Like many of us, Igor F keeps his LinkedIn profile vaguely up to date with his career, and that means he inevitably gets messages from recruiters trying to find talent for the latest trendy startup, or the big stable company struggling to find developers happy to work in its code mines, or the contracting company trying to staff up.

Igor usually ignored the pitch, but one recruiter said they were representing a startup in a domain that Igor was really interested in, and was hinting that they had money to burn.

The few message exchanges turned into a phone call. "So, your background is exactly what my client is looking for," the recruiter explained. "Like, literally, your resume is basically the job posting, to a 'T'. I've worked with these folks for a while, and I'm getting the sense that you would get along great with them."

"I mean," Igor said, "I'd like to, but it's probably too early to say that."

"Sure, sure," the recruiter said. "But that's why I want to get you on the phone with them. Their senior principal engineer is ready to have a conversation whenever you are."

Igor nodded along, used to hearing pitches like this. "Well," he said, "I'm not precisely looking for a new job, I've got room to grow in this position-"

"Not like they can give you at Initech. And speaking of growth, let me tell you what their salary range is."

The recruiter said what the salary range was. It was significantly higher than what Igor was making now. Not quite double, but close enough to make the difference academic. With that kind of money flying around, Igor couldn't say no to an interview.

A few days later, Igor, the recruiter, and Dudley, the "senior principal engineer" got together for a call. They went through the usual interview song and dance, and eventually Dudley got to the inevitable programming questions.

"Could you," he said, with a long pause to make it sound like he was thinking up the question on the spot, "oh, I don't know, write me code that'll traverse a tree."

"Yes," Igor said. He waited to hear if they were going to pull up a screen sharing session, or he was going to do a take-home assignment, or what was actually about to happen.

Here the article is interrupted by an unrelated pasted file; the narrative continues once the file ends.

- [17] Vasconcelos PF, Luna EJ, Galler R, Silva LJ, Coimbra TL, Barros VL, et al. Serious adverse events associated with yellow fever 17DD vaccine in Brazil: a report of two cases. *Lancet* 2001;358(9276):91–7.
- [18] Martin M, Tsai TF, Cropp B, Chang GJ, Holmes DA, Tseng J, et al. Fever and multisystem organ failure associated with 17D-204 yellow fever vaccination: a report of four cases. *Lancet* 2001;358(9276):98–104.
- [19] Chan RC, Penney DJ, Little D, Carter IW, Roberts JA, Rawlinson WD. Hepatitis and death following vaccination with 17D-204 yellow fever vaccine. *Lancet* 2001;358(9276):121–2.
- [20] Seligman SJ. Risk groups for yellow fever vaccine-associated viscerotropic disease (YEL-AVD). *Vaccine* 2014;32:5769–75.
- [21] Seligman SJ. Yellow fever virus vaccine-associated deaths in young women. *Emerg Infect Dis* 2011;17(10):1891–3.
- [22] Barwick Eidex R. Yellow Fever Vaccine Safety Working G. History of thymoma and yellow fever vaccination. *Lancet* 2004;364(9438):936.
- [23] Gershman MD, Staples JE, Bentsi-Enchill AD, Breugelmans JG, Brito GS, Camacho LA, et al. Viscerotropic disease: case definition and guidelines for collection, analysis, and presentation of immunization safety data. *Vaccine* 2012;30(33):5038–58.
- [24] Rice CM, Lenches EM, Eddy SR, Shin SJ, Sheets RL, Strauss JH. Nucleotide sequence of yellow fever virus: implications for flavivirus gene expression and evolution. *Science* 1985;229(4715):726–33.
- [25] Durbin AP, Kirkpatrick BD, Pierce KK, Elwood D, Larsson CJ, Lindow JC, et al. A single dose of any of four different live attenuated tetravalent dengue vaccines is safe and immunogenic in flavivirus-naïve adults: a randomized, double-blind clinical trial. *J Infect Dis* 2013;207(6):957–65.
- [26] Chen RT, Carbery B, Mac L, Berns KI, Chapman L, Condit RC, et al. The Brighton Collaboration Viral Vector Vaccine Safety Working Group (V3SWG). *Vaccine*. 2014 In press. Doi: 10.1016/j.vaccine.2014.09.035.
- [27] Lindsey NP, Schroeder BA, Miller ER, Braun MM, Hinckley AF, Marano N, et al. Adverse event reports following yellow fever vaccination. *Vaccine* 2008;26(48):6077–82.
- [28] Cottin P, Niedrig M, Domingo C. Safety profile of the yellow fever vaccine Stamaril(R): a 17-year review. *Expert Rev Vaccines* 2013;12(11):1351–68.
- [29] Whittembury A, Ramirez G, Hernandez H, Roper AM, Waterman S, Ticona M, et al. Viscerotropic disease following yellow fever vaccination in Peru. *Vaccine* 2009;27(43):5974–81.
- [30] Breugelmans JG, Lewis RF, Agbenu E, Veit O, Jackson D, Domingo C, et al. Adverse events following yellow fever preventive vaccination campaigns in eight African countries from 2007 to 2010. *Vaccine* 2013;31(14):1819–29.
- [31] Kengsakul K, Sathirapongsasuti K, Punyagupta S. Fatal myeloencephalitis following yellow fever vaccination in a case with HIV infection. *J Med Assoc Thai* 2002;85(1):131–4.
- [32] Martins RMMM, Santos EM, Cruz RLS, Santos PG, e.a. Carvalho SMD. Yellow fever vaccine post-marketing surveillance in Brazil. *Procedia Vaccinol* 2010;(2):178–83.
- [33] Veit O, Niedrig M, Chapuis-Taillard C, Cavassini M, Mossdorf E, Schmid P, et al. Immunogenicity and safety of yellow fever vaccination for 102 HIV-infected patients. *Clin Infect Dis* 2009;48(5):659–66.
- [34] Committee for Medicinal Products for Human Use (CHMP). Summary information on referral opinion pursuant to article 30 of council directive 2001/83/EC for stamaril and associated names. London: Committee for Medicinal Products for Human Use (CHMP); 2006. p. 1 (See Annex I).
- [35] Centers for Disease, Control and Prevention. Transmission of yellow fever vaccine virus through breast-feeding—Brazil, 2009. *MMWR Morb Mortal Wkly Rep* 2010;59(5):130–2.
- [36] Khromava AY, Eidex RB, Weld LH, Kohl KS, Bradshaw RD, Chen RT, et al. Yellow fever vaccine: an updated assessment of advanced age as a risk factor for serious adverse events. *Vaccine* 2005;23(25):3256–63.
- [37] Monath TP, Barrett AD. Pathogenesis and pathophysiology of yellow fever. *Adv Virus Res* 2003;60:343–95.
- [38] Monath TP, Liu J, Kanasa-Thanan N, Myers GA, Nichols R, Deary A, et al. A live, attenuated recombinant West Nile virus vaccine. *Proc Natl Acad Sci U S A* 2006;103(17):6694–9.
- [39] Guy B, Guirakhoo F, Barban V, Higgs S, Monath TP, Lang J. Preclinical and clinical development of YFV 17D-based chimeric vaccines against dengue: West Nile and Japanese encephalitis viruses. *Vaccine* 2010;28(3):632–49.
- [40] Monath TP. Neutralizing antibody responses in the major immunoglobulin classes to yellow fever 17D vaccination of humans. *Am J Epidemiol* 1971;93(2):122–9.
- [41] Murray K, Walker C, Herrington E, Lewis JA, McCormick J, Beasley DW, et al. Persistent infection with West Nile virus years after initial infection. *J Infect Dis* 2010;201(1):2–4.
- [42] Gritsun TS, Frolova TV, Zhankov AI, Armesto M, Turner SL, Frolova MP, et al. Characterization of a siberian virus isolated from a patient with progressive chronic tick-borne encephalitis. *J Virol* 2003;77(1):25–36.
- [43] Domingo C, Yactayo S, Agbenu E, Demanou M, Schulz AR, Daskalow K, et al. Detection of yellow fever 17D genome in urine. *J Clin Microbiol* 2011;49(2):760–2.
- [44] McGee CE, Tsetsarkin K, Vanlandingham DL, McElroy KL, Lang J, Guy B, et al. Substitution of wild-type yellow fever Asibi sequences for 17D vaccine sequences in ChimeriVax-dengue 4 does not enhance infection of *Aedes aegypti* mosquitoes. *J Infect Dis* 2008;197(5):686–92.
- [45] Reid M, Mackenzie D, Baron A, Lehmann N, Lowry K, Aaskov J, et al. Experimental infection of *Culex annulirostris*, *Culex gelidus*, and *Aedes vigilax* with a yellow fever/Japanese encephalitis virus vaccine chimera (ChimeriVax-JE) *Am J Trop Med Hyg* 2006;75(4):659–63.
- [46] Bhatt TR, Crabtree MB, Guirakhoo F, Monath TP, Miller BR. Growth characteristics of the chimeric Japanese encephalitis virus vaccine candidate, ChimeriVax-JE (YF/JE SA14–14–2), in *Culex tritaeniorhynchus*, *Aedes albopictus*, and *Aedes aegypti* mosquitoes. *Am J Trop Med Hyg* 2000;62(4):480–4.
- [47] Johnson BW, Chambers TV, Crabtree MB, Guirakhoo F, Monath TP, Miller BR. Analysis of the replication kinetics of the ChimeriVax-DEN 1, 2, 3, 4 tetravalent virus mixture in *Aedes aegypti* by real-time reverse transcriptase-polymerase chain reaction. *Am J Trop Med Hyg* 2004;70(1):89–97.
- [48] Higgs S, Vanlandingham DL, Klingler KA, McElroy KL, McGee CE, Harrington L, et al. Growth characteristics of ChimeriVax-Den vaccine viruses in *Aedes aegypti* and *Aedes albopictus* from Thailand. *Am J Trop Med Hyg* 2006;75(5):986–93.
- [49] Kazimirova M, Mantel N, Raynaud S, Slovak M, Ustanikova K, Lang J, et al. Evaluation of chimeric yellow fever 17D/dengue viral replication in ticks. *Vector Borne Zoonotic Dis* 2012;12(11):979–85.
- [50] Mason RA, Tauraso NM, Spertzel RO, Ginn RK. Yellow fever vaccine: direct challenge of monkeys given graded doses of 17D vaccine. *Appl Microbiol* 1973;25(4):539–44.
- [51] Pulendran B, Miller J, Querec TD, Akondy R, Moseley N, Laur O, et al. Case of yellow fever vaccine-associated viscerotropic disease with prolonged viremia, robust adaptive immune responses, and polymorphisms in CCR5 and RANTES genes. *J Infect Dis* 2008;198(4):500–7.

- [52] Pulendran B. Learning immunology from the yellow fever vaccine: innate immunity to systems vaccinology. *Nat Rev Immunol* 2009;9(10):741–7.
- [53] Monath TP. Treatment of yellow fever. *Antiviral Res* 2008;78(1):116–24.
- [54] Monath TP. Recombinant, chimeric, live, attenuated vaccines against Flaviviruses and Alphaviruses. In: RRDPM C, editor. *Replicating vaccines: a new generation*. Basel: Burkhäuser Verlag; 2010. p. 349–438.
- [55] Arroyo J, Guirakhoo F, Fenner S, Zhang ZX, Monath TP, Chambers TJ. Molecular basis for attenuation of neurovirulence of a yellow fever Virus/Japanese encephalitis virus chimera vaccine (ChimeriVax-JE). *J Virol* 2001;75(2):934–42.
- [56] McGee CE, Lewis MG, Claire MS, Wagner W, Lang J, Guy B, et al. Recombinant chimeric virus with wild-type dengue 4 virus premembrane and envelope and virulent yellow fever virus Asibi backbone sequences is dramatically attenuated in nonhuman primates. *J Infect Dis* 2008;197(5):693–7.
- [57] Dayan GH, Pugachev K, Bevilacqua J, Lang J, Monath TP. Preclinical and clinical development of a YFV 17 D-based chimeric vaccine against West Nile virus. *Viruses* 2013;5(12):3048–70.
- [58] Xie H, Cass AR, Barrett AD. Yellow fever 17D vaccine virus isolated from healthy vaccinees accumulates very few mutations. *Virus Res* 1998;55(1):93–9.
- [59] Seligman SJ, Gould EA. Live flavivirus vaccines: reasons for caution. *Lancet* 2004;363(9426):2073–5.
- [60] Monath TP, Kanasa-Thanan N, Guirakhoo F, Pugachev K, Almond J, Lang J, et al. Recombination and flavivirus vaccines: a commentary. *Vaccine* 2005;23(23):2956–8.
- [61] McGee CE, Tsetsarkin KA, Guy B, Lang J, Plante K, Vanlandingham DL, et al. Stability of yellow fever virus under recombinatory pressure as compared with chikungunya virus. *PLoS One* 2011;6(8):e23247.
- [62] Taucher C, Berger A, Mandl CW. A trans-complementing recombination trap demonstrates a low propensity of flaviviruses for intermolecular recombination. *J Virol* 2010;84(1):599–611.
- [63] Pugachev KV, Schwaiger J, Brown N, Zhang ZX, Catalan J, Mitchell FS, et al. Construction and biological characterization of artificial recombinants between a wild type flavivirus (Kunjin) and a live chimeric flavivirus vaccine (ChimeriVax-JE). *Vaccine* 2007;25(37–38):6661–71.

He waited longer.

The silence stretched out to the point where it went from merely uncomfortable to agonizing.

"So," Dudley said, "go ahead."

"Like, now?"

"Yes, just tell me the code that you'd write."

"You mean, just over the phone?"

"Yes," Dudley said, as if that should be perfectly obvious. "Think of it light a whiteboard challenge."

"But… I don't have a whiteboard. And even if I did, you couldn't see it."

"Think of me as your whiteboard," Dudley said. He didn't say, "you idiot," but his tone implied it.

"Okay, so you'd have a function that takes a node as a parameter," Igor started explaining the pseudocode logic that he'd use.

Dudley interrupted. "How do you define that function? This is a coding challenge."

Igor looked at his phone, wondering if he should just hang up, or give it the old college try, or just truck on with the pseudocode explanation. "Uh… let's say for this it could be public, static, traversetree, with node as a parameter."

Dudley huffed. "Don't you mean 'parenthesis, Node n, close parenthesis, open curly bracket? This is a coding challenge."

Igor did his best to verbally type out the Java syntax for a depth-first tree traversal. Each time he didn't specify a bracket, or a semi-colon, or a parenthesis, Dudley was ready to point out his mistake. Even pulling up a text editor so that he could type along didn't exactly make it easy to symbol-by-symbol "type" code over the phone.

The interview ended the way all awkward interviews do, with some mumbled "thanks for your time," and a hasty end to the call. Igor never heard back about the job, or from the recruiter. But it was definitely clear that he hadn't gotten "along great" with anyone on that call.

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